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Sinclair ZX Spectrum Vega


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#1 save2600 OFFLINE  

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Posted Sat Sep 26, 2015 4:20 AM

http://www.funstock....console#reviews

Now here's a kick ass product... over 1000 games built in and you can add more via an SD card slot!



#2 InnovaX5 OFFLINE  

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Posted Wed Sep 30, 2015 9:46 PM

I have to have one for my collection. I really hope this thing isn't a joke like the NeoGeo X Gold was.



#3 high voltage OFFLINE  

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Posted Fri Oct 2, 2015 4:49 AM

It's probably a nice enough novelty item, as for the games, don't expect much, they are of below quality.

#4 Mr SQL ONLINE  

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Posted Fri Oct 2, 2015 10:51 AM

"the VEGA is not pretending to be a ZX Spectrum, it IS a ZX Spectrum" ... without a keyboard; the Speccy games used the keyboard, this would have been really cool with a ZX style keyboard.



#5 high voltage OFFLINE  

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Posted Fri Oct 2, 2015 11:29 AM

and no joystick option?



#6 BurritoBeans OFFLINE  

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Posted Fri Oct 2, 2015 6:55 PM

That thing looks pretty neat, but I think the price is a tad bit high for what it has. I think if they were to throw in a keyboard and joystick port it would be worth it, without that stuff it's cool but I don't know how well it would work with some stuff.

 

It's a cool idea, and it seems like it would be a fun little toy that I would grab.


Edited by BurritoBeans, Fri Oct 2, 2015 6:57 PM.


#7 high voltage OFFLINE  

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Posted Sat Oct 3, 2015 2:25 AM

A C64 with UK games would've been more worth it. Especially with Thalamus, System 3, Martech, Hewson, you know, the good stuff. 1000 UK games in a C64 I'd definitely would buy. And of course you got the joystick option.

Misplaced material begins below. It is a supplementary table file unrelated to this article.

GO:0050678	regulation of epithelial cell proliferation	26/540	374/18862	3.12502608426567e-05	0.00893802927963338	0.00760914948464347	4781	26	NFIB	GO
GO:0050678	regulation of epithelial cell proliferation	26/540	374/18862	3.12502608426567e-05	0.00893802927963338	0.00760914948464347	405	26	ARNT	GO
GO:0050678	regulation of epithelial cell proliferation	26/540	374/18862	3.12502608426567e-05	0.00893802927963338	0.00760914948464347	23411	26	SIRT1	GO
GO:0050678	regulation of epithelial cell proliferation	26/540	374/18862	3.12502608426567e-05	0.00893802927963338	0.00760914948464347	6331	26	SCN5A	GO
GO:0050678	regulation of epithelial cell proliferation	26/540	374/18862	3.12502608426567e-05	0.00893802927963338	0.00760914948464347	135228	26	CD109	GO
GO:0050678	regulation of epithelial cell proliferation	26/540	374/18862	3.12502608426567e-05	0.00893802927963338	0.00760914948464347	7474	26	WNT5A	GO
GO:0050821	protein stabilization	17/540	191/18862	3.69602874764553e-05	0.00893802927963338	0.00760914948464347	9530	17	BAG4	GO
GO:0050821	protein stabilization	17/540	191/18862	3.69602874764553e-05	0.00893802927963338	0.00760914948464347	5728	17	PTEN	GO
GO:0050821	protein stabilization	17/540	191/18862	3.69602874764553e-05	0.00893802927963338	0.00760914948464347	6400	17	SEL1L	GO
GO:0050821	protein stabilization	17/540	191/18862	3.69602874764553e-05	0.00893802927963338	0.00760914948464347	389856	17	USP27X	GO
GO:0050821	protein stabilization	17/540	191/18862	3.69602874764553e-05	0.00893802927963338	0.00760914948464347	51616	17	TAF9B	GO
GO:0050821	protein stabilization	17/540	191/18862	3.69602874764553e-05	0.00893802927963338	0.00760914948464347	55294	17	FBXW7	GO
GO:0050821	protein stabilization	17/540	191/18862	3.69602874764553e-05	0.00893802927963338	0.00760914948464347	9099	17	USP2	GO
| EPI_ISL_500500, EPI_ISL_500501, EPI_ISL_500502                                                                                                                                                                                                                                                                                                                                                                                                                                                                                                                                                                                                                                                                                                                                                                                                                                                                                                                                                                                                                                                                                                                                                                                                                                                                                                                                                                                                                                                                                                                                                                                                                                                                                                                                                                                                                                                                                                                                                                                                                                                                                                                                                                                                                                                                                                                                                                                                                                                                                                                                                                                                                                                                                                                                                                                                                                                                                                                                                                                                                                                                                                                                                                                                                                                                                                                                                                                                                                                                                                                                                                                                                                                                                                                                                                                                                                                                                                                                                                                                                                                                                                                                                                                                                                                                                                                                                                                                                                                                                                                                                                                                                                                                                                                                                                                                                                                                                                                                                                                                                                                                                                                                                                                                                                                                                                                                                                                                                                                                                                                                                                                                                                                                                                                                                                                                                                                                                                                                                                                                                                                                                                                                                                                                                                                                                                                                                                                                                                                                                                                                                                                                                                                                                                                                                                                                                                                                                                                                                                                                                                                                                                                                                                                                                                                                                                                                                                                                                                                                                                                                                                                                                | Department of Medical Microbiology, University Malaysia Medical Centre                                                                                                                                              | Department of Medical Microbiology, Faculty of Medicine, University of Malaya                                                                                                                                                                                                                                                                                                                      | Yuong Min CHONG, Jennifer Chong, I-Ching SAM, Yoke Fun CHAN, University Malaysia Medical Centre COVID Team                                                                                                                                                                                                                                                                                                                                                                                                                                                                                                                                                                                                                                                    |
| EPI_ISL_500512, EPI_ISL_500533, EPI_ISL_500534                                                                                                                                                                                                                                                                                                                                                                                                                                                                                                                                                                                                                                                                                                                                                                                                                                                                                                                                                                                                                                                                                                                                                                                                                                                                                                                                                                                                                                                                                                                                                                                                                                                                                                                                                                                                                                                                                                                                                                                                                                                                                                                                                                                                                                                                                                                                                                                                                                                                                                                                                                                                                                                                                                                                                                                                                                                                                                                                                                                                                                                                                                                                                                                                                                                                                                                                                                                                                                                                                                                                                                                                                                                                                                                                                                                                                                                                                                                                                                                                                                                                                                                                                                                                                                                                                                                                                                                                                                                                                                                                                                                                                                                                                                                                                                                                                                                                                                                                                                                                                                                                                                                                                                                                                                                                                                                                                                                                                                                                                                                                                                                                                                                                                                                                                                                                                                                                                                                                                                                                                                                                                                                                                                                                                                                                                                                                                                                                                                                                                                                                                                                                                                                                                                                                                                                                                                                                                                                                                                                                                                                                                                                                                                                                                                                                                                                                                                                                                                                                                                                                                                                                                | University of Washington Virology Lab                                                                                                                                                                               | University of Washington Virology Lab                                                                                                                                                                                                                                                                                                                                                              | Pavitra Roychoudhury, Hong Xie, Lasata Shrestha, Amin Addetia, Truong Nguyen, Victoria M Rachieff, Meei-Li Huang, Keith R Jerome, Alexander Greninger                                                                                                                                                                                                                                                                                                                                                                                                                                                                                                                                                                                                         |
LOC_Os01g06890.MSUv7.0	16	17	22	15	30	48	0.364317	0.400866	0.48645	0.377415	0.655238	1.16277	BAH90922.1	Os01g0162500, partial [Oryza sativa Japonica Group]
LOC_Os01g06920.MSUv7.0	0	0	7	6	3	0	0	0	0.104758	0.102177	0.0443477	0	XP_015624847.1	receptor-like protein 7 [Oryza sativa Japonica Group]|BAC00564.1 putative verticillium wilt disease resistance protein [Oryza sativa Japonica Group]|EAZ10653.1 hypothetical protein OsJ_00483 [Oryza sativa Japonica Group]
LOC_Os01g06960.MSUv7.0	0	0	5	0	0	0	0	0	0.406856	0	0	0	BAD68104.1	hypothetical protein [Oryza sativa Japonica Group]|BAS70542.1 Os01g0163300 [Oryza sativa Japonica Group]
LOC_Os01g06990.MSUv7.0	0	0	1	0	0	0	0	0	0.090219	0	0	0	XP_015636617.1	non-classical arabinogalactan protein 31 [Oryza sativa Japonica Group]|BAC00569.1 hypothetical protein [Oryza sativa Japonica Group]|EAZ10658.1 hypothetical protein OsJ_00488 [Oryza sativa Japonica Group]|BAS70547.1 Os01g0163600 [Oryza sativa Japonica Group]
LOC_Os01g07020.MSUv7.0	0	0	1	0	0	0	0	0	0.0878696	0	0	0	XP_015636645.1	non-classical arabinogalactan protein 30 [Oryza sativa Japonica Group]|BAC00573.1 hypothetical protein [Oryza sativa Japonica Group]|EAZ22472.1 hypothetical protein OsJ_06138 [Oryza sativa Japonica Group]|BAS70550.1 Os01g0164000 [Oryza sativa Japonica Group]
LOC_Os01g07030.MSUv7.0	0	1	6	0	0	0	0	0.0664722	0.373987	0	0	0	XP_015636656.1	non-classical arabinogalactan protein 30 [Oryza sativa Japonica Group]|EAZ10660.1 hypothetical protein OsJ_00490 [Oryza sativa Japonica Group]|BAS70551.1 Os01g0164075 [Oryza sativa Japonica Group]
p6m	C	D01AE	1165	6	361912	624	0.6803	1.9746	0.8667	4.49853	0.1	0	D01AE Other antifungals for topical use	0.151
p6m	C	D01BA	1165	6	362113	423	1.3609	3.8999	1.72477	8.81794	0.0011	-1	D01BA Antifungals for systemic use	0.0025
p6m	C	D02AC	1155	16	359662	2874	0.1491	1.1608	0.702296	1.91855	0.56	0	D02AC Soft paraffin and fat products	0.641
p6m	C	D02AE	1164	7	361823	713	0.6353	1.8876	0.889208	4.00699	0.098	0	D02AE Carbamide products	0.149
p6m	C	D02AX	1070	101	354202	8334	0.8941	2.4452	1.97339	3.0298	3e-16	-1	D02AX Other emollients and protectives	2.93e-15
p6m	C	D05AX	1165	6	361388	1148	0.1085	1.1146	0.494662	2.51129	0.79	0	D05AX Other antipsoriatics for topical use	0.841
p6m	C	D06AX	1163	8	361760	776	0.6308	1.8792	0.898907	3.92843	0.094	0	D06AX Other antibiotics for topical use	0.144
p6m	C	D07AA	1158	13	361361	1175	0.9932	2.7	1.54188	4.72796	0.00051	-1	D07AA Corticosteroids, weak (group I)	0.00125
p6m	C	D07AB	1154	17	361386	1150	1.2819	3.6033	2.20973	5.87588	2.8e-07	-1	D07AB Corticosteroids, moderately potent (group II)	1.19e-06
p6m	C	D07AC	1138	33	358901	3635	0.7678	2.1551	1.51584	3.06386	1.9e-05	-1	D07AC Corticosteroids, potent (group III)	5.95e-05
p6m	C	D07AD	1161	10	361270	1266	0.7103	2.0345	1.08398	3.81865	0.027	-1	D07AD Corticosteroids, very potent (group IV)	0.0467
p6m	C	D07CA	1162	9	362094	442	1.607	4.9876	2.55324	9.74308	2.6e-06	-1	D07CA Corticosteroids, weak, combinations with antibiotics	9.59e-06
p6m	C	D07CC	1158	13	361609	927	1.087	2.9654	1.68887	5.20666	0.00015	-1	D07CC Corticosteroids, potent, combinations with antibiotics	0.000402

Edited by high voltage, Sat Oct 3, 2015 2:25 AM.


#8 Raticon OFFLINE  

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Posted Wed Dec 2, 2015 10:45 AM

I got the Vega a couple of weeks ago despite never having played any Spectrum in my life let alone owned one, but i think it's a fun thing and many of the games are great. The SD-slot makes sure that you will never run out of games ever, something certain other manufacturers of these kinds of devices should take advice from. Build quality is good and the buttons feel alright, but the device feels extremely light, and on the subject of buttons i think they should have opted for more than 4 big buttons and 4 smaller ones as many games have you switching between "primary and secondary" layouts which is frustrating in a fast arcade-game.

I miss the option of any type of keyboard interface as the built-in virtual keyboard á la the kind used on Playstation and Xbox is awkward and slow to use in anything above simple "Push A for this or B for that"-type of situations, certainly using it in the myriad of supplied text-adventures is a chore to say the least and in some ways exclude these types of games if you are not exceptionally good at the virtual keyboard or extremely patient.

As far as a C64 with thousands of games i would recommend getting an SD2IEC memory card-reader for the C64 as i have done. Connects to the serial port for data transfer and the cassette port for power and BOOM! Thousands of games and applications in a neat file-directory style interface, so you get all the games you'd want without letting go of the C64 itself. Much like a Harmony cart for the 2600.

EDIT: Forgot to mention that the Vega includes an assortment of nice homebrews too, and it apparently has a quite thriving homebrew scene to this day.


Edited by Raticon, Wed Dec 2, 2015 10:47 AM.


#9 Raticon OFFLINE  

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Posted Wed Dec 2, 2015 10:46 AM

 Double post please delete.


Edited by Raticon, Wed Dec 2, 2015 10:46 AM.


#10 onmode-ky OFFLINE  

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Posted Wed Dec 2, 2015 3:33 PM

Raticon, I've been very curious about the ZX Vega's internal hardware for a while. Do you think you could easily open up your Vega and take a nice clear photo of the circuit board for me? Specifically, I'm hoping there's text printed on the chips that could identify what processor it uses (should be a flavor of ARM9), how much RAM and flash ROM it has, etc.

Many thanks in advance if you can do this! But, I would absolutely understand if you would rather not.

onmode-ky

#11 Prosystemsearch OFFLINE  

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Posted Wed Dec 2, 2015 7:25 PM